A seven-valent pneumococcal conjugate vaccine (PCV7) introduced in the United States in 2000 has been shown to reduce invasive pneumococcal disease (IPD) in both vaccinated children and adults through induction of herd immunity. We assessed the impact of infant immunization on pneumococcal pneumonia hospitalizations and mortality in all age groups using Health Care Utilization Project State Inpatient Databases (SID) for 1996 to 2006 from 10 states; SID contain 100% samples of ICD9-coded hospitalization data for the selected states. Compared to a 1996-1997 through 1998-1999 baseline, by the 2005-2006 season, both IPD and pneumococcal pneumonia hospitalizations and deaths had decreased substantially in all age groups, including a 47% (95% confidence interval [CI], 38 to 54%) reduction in nonbacteremic pneumococcal pneumonia (ICD9 code 481 with no codes indicating IPD) in infants <2 years old and a 54% reduction (CI, 53 to 56%) in adults ≥65 years of age. A model developed to calculate the total burden of pneumococcal pneumonia prevented by infant PCV7 vaccination in the United States from 2000 to 2006 estimated a reduction of 788,838 (CI, 695,406 to 875,476) hospitalizations for pneumococcal pneumonia. Ninety percent of the reduction in model-attributed pneumococcal pneumonia hospitalizations occurred through herd immunity among adults 18 years old and older; similar proportions were found in pneumococcal disease mortality prevented by the vaccine. In the first seasons after PCV introduction, when there were substantial state differences in coverage among <5-year-olds, states with greater coverage had significantly fewer influenza-associated pneumonia hospitalizations among children, suggesting that PCV7 use also reduces influenza-attributable pneumonia hospitalizations.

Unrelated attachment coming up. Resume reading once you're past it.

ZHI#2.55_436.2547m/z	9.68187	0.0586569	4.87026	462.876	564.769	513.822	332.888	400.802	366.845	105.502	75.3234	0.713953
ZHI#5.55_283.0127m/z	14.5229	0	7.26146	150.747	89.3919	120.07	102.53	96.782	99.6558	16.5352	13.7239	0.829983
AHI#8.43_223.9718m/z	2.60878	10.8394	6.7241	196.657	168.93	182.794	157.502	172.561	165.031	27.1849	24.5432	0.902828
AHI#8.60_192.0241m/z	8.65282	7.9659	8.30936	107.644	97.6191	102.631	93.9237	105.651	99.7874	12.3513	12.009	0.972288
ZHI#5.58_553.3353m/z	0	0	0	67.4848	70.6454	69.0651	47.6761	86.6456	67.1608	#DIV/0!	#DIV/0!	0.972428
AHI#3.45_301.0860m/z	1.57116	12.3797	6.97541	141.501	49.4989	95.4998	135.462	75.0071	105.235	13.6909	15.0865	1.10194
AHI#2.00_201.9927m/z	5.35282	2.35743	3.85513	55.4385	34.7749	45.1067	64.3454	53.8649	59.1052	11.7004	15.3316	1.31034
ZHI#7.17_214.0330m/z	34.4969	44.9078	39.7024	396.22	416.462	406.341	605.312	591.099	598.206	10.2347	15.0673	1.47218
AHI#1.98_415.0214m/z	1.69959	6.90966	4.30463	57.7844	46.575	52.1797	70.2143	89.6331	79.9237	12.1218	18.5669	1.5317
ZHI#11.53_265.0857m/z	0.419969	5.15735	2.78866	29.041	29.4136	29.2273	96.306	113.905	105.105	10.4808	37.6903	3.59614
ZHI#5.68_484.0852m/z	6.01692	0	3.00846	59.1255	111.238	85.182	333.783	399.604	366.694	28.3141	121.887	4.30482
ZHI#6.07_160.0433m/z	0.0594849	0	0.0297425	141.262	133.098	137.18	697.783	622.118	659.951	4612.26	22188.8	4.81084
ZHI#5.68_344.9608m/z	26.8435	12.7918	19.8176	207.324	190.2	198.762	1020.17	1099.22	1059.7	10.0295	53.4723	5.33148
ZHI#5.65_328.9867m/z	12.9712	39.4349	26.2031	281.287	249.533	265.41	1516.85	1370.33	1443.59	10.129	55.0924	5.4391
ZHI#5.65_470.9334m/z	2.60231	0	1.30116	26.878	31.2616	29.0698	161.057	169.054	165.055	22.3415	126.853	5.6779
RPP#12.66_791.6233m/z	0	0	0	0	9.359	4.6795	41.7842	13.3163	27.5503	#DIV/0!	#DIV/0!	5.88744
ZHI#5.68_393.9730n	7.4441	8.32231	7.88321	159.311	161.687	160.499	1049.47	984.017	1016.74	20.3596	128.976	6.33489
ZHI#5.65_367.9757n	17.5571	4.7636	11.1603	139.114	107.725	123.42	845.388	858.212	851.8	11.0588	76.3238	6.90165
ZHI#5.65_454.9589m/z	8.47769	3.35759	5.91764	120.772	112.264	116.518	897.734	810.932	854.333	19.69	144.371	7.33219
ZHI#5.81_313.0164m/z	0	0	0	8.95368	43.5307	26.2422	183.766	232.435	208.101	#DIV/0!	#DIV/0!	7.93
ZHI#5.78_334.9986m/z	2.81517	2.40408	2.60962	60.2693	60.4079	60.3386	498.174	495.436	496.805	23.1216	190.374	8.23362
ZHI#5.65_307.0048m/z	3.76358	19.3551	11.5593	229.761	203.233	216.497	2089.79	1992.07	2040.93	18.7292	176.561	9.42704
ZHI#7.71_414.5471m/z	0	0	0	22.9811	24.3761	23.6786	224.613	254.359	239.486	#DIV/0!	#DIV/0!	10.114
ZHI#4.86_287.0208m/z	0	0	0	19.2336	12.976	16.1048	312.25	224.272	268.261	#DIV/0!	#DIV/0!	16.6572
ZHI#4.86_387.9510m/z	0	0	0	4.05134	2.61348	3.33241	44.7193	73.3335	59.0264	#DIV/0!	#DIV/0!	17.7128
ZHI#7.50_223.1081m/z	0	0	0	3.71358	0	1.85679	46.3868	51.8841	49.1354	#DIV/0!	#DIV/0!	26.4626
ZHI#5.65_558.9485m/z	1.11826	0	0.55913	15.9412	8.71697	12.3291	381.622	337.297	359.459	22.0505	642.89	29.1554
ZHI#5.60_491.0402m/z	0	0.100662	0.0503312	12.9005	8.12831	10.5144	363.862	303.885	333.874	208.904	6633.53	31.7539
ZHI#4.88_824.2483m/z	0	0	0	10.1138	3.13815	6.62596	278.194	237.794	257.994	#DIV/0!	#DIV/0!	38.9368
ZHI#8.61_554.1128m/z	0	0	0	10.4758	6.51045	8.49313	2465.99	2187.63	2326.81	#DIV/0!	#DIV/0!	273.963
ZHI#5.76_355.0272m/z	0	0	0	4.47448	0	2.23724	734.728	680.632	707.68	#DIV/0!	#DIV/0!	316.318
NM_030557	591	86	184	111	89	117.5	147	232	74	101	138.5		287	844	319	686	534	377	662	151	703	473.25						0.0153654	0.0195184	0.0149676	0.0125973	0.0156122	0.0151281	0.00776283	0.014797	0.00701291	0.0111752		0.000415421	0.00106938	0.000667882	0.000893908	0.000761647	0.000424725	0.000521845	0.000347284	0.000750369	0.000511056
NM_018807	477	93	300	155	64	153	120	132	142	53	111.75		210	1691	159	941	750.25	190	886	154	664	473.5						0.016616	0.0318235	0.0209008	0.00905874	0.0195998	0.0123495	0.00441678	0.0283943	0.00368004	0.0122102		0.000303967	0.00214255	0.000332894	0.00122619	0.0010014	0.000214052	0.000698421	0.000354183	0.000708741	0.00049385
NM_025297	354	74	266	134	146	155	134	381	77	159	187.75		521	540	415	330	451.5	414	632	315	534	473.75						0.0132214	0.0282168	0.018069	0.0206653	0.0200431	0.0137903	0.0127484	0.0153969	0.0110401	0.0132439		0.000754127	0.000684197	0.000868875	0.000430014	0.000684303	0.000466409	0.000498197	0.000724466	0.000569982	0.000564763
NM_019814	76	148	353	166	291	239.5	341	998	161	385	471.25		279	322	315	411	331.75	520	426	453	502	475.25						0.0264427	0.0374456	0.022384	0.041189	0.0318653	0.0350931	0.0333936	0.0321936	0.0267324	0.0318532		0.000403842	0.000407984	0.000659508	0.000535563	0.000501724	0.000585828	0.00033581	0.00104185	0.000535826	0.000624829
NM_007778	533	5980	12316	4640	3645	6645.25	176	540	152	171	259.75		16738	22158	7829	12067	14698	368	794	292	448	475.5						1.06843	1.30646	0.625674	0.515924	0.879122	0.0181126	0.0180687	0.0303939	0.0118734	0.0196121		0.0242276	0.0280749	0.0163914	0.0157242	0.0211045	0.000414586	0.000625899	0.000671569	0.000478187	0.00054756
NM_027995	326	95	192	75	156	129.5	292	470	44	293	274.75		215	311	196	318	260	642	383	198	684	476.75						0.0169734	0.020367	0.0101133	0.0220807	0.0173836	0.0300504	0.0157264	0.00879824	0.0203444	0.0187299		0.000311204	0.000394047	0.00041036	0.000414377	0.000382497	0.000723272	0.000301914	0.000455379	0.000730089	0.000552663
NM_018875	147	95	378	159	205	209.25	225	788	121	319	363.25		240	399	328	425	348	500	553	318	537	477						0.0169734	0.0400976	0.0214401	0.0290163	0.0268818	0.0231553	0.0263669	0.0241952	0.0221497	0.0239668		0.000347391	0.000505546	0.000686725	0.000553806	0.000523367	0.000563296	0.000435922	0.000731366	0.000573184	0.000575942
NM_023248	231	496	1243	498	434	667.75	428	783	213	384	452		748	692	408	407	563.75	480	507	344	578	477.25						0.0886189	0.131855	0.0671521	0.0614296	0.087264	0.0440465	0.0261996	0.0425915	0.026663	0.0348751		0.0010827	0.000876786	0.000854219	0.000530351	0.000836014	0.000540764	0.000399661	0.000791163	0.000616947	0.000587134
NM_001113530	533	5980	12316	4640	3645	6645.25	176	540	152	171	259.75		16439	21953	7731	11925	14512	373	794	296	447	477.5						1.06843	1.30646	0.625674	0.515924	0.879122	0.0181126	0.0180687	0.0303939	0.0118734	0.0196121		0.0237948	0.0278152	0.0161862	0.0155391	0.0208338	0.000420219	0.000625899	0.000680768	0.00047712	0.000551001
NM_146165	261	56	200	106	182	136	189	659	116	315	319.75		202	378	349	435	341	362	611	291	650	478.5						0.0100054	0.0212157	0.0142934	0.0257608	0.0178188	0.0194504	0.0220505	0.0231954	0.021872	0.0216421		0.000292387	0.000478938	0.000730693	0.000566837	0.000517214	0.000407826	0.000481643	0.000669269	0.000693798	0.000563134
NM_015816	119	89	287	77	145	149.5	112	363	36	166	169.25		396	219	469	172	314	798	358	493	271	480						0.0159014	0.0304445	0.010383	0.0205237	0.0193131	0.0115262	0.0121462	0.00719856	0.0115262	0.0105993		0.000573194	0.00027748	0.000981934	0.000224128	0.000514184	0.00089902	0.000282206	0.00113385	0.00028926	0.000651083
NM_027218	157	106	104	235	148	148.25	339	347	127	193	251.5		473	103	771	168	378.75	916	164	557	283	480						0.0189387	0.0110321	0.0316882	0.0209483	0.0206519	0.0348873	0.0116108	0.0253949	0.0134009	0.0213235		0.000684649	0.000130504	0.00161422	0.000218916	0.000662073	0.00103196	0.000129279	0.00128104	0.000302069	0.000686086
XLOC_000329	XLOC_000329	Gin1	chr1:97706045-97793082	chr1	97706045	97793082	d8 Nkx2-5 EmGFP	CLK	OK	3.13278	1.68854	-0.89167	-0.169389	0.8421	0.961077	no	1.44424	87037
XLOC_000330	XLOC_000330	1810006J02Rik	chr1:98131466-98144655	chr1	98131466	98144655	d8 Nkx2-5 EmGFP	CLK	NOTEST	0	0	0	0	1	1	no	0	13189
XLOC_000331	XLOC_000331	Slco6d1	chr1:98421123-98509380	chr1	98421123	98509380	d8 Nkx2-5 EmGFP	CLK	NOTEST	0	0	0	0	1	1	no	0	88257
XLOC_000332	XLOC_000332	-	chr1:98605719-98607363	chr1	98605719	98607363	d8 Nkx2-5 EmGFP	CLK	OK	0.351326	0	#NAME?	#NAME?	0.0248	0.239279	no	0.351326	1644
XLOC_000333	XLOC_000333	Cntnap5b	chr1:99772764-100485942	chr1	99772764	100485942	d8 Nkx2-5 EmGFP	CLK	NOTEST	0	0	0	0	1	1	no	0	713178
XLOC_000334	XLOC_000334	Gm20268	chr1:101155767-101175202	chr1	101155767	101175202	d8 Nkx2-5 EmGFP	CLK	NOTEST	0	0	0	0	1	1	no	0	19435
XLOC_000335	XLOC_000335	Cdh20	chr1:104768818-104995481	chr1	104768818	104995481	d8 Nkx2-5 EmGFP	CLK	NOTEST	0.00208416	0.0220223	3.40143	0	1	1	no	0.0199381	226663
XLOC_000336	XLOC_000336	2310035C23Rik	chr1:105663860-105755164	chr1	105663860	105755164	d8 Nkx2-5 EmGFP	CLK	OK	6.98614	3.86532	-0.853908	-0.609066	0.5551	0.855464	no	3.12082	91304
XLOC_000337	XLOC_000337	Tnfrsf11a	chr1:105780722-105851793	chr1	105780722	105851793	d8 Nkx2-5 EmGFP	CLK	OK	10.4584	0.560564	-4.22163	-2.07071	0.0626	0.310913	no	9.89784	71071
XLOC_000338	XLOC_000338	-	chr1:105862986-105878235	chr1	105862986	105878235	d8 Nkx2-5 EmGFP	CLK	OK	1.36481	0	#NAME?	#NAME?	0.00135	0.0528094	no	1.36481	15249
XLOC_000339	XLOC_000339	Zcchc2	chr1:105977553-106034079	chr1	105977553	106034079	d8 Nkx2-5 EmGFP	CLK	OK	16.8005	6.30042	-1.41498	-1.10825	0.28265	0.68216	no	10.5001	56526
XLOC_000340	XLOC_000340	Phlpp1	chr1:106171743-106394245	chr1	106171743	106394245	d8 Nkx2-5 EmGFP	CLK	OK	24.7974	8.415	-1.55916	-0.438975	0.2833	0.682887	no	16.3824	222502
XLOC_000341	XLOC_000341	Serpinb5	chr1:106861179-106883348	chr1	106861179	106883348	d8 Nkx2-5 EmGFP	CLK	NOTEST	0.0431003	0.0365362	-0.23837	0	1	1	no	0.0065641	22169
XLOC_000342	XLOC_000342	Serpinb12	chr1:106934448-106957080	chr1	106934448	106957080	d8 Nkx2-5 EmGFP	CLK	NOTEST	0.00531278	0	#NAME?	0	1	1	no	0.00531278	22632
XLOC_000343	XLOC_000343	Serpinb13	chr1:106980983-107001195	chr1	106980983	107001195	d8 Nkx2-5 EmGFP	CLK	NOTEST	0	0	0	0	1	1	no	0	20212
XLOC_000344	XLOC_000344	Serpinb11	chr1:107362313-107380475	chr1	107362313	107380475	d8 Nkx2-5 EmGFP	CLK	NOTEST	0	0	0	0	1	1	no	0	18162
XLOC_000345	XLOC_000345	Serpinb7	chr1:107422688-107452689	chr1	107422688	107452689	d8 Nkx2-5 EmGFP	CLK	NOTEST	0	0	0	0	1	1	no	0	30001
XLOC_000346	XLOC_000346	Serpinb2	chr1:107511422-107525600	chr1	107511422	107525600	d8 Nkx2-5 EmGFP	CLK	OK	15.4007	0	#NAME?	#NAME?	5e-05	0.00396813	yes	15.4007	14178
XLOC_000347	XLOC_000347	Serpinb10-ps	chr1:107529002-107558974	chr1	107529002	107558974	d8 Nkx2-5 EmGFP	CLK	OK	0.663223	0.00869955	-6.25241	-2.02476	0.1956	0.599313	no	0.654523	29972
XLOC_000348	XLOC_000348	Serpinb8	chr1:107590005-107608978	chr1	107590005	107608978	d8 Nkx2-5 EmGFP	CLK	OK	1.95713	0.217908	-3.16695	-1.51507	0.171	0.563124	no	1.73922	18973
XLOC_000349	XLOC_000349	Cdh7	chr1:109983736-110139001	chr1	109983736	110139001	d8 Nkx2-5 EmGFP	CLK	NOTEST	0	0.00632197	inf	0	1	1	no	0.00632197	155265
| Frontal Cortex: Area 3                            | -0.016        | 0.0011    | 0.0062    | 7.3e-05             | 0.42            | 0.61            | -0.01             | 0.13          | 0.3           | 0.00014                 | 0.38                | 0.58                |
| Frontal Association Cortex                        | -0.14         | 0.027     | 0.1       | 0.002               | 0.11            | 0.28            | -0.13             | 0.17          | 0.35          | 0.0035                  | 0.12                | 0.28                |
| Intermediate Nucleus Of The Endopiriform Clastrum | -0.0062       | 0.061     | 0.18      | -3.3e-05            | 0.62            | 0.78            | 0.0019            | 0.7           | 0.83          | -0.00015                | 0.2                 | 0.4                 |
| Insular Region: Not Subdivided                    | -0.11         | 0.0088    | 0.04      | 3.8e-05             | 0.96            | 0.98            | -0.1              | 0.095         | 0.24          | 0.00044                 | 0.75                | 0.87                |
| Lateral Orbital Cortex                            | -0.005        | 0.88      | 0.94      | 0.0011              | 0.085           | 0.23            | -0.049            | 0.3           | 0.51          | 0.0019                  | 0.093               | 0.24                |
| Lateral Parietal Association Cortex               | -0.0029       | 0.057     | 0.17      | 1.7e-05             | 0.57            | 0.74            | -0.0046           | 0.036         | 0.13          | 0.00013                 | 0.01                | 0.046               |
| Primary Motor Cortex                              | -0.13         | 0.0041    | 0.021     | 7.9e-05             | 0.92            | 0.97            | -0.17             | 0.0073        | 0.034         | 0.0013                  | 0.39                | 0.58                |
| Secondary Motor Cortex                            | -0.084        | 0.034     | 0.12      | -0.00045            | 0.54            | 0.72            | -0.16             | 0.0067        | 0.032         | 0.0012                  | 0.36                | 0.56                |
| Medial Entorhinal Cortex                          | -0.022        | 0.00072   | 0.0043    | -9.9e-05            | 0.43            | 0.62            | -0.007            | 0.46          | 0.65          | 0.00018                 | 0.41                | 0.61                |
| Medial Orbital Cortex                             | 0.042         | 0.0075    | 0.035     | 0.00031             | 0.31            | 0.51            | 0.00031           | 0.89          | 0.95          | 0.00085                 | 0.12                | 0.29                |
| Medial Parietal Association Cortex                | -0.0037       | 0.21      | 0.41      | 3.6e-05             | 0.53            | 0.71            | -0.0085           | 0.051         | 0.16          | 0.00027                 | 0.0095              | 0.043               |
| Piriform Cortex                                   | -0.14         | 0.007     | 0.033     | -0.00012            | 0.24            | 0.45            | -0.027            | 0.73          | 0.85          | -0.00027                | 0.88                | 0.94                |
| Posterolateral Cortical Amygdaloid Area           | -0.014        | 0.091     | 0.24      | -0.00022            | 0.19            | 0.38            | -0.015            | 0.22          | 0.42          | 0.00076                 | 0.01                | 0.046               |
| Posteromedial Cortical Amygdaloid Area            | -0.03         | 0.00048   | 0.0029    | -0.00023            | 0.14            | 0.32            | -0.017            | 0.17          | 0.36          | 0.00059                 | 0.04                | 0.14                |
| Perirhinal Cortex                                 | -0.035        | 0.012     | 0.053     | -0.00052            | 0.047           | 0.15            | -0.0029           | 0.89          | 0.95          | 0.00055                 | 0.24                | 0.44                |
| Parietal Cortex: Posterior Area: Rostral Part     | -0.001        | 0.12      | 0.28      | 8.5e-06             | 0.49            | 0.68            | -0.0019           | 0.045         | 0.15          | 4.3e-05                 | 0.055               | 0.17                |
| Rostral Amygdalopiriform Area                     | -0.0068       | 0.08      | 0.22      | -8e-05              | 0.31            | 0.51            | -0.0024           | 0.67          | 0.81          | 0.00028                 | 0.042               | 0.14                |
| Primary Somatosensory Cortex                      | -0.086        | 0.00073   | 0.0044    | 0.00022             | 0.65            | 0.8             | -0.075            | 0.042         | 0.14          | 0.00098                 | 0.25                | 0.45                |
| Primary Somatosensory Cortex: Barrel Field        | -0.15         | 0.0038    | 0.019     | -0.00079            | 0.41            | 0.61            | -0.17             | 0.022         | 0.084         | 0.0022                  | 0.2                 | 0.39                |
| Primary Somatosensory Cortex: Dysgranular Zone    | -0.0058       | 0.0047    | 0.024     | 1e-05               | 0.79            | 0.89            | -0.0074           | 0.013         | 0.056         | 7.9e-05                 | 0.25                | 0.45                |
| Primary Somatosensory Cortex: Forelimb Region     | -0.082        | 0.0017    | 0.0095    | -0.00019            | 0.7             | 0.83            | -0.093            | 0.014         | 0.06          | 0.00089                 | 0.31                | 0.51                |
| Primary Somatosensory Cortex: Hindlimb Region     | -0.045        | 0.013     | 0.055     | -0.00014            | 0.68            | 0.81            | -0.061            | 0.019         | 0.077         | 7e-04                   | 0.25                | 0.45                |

|Status||Udgivet - 2011|
Simonsen, L., Taylor, R. J., Young-Xu, Y., Haber, M., May, L., & Klugman, K. P. (2011). Impact of pneumococcal conjugate vaccination of infants on pneumonia and influenza hospitalization and mortality in all age groups in the United States. mBio, 2(1).